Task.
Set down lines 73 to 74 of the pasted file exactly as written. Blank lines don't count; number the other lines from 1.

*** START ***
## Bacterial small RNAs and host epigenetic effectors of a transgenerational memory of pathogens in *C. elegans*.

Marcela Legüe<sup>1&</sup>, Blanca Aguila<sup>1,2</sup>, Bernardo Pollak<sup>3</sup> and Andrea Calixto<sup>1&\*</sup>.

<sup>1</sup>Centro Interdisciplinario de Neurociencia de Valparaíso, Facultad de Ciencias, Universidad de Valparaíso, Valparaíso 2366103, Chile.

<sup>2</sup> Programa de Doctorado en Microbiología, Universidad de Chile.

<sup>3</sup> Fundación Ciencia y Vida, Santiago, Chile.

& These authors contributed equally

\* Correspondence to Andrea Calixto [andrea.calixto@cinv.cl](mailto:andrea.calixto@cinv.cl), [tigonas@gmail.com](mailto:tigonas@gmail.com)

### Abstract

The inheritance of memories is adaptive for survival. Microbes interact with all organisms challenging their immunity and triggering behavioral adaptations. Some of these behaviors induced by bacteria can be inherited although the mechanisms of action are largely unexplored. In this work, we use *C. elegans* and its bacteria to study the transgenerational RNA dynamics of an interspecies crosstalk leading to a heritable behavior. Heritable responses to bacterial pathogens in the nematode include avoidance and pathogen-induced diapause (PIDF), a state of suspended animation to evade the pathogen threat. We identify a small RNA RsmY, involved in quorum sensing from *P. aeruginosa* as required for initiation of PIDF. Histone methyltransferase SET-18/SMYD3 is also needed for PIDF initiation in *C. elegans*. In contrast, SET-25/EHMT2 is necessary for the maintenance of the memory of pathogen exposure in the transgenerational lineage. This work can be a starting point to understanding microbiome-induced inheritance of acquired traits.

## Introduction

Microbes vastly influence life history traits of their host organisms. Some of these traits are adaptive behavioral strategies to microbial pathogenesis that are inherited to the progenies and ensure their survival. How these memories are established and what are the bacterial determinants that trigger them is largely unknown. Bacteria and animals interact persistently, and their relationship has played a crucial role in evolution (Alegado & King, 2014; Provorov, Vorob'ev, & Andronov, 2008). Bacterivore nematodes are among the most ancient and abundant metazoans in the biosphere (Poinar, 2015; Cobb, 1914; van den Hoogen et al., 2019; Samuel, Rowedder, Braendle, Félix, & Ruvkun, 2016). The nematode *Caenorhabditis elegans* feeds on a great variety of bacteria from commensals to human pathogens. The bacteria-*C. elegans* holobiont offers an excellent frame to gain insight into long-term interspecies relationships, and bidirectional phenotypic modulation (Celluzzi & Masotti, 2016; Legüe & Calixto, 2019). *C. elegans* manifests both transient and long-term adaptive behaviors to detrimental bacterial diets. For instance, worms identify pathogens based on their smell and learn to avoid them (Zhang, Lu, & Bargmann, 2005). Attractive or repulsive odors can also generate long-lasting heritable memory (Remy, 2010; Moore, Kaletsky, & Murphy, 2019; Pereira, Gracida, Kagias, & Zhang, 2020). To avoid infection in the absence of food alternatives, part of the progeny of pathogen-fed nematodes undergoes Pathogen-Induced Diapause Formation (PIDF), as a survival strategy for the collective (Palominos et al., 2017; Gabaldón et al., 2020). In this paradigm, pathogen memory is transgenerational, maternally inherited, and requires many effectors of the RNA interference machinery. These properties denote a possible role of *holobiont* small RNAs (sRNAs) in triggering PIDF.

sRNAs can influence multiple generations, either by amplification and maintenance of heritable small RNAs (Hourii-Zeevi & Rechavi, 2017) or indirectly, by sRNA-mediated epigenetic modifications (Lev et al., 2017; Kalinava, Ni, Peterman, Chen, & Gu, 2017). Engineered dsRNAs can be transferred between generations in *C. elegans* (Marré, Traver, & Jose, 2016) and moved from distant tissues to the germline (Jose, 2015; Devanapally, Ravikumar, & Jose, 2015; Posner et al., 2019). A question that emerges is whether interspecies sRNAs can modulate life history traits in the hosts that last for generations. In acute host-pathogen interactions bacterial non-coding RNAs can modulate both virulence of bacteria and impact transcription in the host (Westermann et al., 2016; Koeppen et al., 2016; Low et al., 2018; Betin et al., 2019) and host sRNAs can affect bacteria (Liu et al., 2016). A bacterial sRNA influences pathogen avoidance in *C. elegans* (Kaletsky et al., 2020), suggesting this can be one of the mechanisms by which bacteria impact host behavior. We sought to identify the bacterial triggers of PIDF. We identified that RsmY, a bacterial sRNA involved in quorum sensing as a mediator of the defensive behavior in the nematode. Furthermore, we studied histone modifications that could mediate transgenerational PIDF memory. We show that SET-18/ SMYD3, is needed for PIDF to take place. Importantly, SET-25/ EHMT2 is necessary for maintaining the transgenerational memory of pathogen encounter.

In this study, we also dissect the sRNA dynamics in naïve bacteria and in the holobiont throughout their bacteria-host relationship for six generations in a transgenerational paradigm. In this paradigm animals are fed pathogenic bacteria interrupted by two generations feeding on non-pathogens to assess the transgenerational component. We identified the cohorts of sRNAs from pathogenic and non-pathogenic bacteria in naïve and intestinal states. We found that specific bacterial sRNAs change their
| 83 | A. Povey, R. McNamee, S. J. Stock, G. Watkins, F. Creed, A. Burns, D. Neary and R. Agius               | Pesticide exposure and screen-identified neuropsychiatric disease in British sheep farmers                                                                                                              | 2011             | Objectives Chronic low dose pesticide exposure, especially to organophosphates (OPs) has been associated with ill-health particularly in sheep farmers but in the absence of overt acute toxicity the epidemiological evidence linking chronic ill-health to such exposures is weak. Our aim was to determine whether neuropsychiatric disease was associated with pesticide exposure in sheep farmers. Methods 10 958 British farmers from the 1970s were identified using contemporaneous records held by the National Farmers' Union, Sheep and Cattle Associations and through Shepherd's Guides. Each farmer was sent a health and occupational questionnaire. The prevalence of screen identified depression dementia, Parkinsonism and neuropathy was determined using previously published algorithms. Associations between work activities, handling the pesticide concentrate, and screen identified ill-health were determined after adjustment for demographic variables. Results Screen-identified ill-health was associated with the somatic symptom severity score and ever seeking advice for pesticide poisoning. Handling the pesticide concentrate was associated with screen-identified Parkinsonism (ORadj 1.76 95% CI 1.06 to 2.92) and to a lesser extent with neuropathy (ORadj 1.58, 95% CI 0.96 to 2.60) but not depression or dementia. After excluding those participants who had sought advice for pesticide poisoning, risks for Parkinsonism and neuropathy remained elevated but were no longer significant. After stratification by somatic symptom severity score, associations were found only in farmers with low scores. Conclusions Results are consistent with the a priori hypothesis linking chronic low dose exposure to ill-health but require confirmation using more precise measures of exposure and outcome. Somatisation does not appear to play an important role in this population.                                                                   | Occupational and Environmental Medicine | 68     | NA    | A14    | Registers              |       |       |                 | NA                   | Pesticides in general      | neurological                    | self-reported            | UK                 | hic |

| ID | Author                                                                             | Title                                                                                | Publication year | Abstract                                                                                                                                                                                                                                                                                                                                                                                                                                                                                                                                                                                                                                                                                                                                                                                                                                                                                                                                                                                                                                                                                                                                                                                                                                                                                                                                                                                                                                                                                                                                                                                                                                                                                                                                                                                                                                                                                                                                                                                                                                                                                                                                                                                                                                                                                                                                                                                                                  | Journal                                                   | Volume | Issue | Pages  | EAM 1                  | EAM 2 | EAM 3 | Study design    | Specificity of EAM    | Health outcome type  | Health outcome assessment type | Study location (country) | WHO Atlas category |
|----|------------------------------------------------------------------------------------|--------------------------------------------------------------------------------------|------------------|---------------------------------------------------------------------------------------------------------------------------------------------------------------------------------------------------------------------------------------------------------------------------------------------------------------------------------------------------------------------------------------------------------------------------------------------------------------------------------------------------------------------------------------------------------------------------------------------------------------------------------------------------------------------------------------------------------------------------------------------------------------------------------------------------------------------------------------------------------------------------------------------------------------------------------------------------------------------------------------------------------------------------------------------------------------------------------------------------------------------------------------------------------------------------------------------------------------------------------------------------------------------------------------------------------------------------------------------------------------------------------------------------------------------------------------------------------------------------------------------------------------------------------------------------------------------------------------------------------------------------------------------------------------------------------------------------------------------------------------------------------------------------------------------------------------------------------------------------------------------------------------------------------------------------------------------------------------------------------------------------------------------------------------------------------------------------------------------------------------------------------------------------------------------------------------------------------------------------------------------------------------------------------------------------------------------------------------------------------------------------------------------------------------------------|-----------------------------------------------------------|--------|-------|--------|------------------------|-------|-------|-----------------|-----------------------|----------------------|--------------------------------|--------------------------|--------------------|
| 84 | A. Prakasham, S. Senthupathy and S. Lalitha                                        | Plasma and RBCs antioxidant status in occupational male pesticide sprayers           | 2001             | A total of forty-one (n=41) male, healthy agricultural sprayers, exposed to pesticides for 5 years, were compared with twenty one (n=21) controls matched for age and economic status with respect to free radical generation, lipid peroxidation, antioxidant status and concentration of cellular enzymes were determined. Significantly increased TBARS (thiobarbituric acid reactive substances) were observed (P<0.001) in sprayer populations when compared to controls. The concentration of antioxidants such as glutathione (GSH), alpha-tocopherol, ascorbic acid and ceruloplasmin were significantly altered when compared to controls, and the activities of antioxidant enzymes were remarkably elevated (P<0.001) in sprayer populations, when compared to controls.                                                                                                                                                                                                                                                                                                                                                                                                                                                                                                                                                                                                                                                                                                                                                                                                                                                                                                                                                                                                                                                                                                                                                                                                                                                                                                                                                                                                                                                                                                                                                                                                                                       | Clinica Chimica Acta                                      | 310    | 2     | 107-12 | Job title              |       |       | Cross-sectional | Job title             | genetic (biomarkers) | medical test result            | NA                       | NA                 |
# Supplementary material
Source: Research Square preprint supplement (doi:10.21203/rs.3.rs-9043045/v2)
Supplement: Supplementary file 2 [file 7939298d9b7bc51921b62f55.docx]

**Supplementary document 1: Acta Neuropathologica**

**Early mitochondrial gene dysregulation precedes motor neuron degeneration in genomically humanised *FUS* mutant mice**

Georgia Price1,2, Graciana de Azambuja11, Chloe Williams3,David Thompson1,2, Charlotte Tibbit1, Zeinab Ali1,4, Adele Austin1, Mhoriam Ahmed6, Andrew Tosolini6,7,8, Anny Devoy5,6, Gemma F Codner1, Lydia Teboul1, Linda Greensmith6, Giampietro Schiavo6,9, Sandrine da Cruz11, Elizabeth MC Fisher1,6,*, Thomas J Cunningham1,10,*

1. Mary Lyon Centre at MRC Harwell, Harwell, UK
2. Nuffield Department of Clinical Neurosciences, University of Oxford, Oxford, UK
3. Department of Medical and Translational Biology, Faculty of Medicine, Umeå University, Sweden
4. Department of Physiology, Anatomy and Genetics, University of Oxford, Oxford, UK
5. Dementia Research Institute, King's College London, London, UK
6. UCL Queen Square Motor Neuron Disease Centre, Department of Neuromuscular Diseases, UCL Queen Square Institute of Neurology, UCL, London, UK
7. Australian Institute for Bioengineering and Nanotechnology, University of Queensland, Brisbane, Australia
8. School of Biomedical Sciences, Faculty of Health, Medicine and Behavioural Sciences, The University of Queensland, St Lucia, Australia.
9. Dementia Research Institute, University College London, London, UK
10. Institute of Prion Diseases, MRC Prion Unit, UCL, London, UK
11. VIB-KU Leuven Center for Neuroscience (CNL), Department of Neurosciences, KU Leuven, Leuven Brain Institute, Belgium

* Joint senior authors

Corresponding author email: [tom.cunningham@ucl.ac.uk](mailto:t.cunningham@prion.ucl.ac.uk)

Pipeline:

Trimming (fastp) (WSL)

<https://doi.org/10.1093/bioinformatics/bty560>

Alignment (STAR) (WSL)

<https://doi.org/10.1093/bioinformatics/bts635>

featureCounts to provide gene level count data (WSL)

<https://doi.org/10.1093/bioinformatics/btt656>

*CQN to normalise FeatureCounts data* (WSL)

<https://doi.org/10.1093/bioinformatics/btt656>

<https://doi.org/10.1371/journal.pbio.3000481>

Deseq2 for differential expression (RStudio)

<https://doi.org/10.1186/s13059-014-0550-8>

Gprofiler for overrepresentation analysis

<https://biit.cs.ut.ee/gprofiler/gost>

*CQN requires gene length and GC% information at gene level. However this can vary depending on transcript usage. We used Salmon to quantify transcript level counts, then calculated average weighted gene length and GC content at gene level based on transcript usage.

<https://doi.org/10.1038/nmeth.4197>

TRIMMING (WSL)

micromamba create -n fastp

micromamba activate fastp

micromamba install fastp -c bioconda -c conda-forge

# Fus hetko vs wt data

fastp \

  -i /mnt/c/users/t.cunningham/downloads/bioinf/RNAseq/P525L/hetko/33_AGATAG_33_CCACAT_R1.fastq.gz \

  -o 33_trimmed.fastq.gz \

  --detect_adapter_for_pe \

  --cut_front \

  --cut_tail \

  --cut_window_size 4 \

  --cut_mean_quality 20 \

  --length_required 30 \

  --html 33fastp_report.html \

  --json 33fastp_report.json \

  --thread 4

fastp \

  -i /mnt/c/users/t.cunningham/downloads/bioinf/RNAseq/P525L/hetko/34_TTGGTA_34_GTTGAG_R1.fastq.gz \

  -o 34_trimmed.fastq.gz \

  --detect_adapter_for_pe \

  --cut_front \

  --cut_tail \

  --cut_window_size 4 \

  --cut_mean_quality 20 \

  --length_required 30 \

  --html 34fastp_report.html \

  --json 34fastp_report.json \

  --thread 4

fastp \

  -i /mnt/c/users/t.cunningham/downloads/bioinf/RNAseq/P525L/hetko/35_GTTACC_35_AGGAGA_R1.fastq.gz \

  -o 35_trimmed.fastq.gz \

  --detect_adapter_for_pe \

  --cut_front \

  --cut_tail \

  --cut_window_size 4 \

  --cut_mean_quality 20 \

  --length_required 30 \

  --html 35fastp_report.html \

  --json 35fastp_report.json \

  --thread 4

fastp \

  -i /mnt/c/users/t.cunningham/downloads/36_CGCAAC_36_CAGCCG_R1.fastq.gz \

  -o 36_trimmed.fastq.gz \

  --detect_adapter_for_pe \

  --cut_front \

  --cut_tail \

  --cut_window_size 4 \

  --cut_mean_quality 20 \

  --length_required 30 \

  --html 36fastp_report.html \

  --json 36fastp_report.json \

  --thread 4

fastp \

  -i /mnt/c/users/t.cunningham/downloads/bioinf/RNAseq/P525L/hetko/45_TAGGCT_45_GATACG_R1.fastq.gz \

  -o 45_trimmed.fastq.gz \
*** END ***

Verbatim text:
  --detect_adapter_for_pe \

  --cut_front \